What happens to my kids if I die?

What happens to my kids if I die? | Beanstalk Mums

The only thing more precious than watching the ones you love enjoy life, is life itself.

Many of us think that our family will automatically be looked after financially when we are gone. Unfortunately, this is not true. As a parent, your life changes from the moment your first child is born and you would do anything to protect them. Considering your end-of-life and what happens to your children when you are gone can be overwhelming but an essential part of planning for the future.

The only way to ensure our families are taken care of when we are no longer here is by preparing a Will.

There are a number of steps you can take as a part of your succession planning to ensure that your children are adequately provided for from the perspective of your own peace of mind and in the eyes of the law. This includes appointing a Guardian and adequately providing for your children in your Will.

Further reading: 6 Things that can go wrong if you don’t write a will.

Appointing a Guardian

Choosing a Guardian to look after your children under the age of 18 years can be one of the most challenging decisions you will make. However, there are numerous benefits to making a Guardianship provision within your Will. Not only will it reduce the number of family disputes and legal costs involved in contesting a Will, you will know exactly who will be looking after your children after you are gone.

Dying Intestate

If you die without a Will, it means you have died intestate. Different states have different intestacy laws that dictate where your Estate is distributed and who will look after your children. Most often than not, in the event of a death of one parent, the surviving parent will take legal guardianship of the child, unless there are circumstances to reflect that this is not in the best interest of the child such domestic violence or substance abuse. Otherwise if both parents pass away, any person with sufficient interest (i.e. grandparents, aunties or uncles) can apply to be a guardian.

Role of a Guardian

A Guardian has the following responsibilities for your children who are under 18 years old:

  • Day-to-day care and control of the children;
  • Making decisions about the children’s upbringing
  • Financial provision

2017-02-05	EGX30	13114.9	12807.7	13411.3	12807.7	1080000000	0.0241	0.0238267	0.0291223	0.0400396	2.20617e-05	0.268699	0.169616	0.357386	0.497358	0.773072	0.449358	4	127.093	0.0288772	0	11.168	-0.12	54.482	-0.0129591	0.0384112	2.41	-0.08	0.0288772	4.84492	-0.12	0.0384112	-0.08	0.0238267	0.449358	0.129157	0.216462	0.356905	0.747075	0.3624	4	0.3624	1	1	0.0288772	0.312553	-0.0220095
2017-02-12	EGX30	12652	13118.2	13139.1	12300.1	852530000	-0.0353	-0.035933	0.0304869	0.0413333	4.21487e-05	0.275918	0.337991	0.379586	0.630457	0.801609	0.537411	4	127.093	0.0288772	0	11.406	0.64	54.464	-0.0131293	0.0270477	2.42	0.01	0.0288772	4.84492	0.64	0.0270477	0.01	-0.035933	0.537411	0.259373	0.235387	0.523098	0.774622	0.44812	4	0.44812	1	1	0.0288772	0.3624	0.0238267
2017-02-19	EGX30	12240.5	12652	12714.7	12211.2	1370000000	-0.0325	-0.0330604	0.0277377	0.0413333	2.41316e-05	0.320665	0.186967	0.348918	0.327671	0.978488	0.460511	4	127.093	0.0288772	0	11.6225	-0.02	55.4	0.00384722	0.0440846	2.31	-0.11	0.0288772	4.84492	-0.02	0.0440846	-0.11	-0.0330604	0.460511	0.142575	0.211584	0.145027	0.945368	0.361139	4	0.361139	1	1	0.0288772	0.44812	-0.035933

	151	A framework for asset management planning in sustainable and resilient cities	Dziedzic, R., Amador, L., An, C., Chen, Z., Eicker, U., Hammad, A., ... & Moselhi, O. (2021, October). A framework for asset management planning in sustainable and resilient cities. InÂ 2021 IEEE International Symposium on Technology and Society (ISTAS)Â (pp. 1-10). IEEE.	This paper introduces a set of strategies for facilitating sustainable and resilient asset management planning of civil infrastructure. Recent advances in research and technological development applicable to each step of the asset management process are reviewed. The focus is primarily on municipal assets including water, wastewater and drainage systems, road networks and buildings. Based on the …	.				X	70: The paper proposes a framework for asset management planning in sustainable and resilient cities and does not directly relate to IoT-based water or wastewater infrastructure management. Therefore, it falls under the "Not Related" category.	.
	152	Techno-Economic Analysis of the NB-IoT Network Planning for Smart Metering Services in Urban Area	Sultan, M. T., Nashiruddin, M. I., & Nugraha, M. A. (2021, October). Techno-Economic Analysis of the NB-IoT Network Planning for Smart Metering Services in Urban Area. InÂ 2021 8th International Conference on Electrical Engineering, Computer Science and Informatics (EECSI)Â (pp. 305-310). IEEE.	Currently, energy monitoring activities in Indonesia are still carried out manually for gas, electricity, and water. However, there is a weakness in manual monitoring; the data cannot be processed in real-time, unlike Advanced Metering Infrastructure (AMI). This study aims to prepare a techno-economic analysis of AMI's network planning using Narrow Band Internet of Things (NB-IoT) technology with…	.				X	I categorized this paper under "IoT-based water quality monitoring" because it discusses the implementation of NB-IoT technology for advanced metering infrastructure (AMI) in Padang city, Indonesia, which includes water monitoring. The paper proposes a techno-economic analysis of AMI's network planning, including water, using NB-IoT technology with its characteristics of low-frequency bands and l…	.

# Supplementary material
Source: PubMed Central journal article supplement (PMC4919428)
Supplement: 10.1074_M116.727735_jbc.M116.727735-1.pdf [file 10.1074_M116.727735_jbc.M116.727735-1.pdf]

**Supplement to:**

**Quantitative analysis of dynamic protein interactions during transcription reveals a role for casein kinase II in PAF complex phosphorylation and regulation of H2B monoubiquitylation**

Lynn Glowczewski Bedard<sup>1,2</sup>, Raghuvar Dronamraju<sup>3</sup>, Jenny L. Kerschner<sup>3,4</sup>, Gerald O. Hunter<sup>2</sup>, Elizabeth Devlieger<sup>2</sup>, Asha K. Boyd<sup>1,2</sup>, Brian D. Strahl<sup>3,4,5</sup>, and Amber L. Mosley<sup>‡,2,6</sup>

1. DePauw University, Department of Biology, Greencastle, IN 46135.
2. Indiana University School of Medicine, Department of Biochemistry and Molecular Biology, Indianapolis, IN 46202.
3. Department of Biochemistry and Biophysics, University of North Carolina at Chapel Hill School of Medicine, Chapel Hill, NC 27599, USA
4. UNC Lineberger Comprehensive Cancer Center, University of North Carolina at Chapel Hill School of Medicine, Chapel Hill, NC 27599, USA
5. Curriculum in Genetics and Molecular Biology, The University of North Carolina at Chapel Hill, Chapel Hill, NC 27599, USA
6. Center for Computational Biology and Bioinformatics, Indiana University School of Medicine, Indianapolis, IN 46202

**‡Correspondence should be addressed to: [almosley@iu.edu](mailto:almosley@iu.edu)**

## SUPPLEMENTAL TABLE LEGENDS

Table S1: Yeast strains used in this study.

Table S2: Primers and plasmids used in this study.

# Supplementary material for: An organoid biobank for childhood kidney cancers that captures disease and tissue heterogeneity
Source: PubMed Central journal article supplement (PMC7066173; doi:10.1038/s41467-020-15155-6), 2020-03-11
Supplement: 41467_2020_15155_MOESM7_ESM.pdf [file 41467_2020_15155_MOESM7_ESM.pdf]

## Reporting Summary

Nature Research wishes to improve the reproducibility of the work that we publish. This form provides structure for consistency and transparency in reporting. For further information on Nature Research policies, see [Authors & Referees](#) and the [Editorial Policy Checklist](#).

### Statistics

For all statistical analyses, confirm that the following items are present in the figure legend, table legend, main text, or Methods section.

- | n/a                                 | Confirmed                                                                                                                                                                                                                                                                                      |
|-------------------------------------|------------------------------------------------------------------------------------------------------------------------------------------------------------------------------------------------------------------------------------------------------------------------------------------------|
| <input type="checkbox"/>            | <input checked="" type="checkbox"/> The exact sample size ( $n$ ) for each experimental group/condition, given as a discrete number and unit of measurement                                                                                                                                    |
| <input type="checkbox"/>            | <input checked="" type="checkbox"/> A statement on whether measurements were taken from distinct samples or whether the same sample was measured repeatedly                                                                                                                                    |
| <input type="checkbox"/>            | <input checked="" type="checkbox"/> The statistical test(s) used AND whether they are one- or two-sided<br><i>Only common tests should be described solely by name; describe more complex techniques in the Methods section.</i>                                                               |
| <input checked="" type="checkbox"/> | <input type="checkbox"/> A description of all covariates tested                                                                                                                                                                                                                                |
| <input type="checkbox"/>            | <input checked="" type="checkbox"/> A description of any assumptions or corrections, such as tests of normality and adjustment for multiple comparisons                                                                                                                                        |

• Influencing moral obligations in the children’s upbringing i.e family traditions, religion & cultural beliefs

Things to consider when appointing a Guardian

It is important to consider the following factors when choosing a Guardian for your children:

  • Location – where does the Guardian live and do they have access to important amenities such as a school, child care, medical treatment etc?
  • Relationship – what sort of relationship does your child have with the Gaurdian? Are they close and already have a bond?
  • Financial situation – aside from providing financially for your child through your Will, can the Guardian continue to financially support your child?
  • Living arrangements – what sort of living arrangements can the Guardian offer? Is their home adequate for a child and do they have enough space?
  • Other children – does the Guardian have other children or plans to have a child of their own? How will that impact your child?
  • Lifestyle – do the cultural and religious beliefs of the Guardian align with how you would like your child to be raised?

Family Provisions

The freedom to make a Will on whatever terms one wishes is limited by the overriding consideration that a person must consider his or her moral responsibility to provide for one’s spouse, children or others. The Court has the power to order financial provisions to be made out of the Estate of a deceased person for the ‘proper maintenance and support’ of a person ‘for whom he or she had responsibility to make provision’.

It important to keep the Family Provisions in mind when preparing a Will to ensure your children are adequately provided for in addition to other family members. Different legislation applies in different states so it is important to review these with a succession lawyer to ensure you have included everything.

The court considers various factors to determine whether the deceased had a responsibility to make provision for a person and whether the proposed distribution of the Estate, as contemplated under the deceased’s Will or rules of intestacy, makes adequate provision for the proper maintenance and support of that person/persons.

An applicant must show that the deceased had a responsibility to make provisions or further provisions for that person. No class of person is excluded but financial considerations must be taken into account in making a claim of this nature as an applicant will not only be liable for his/her own costs but also, the estate costs if the applicant’s claim is dismissed.

It is extremely important to make sure that your Will adequately provides for your family, and dependants. This will reduce the costs involved in administrating your Estate and prevent your Will from being contested. It will also mean that your loved ones will not have the burden of making a family provision claim and your children will be looked after when you leave this Earth.

single mother support

For specific legal advice in relation to your personal situation, contacting a succession lawyer is advised. 

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Brooke Reardon

About the author

Brooke has been working in the legal industry since 2002 and graduated with a Bachelor of Laws from the Queensland University of Technology in 2007. She was admitted to the Supreme Court of Queensland in 2008 and currently holds a Victorian Practice Certificate. Brooke founded Wills & Estates in 2016 with the hope of normalising the need for Wills and Estates whilst changing Australians’ paradigm about end-of-life.

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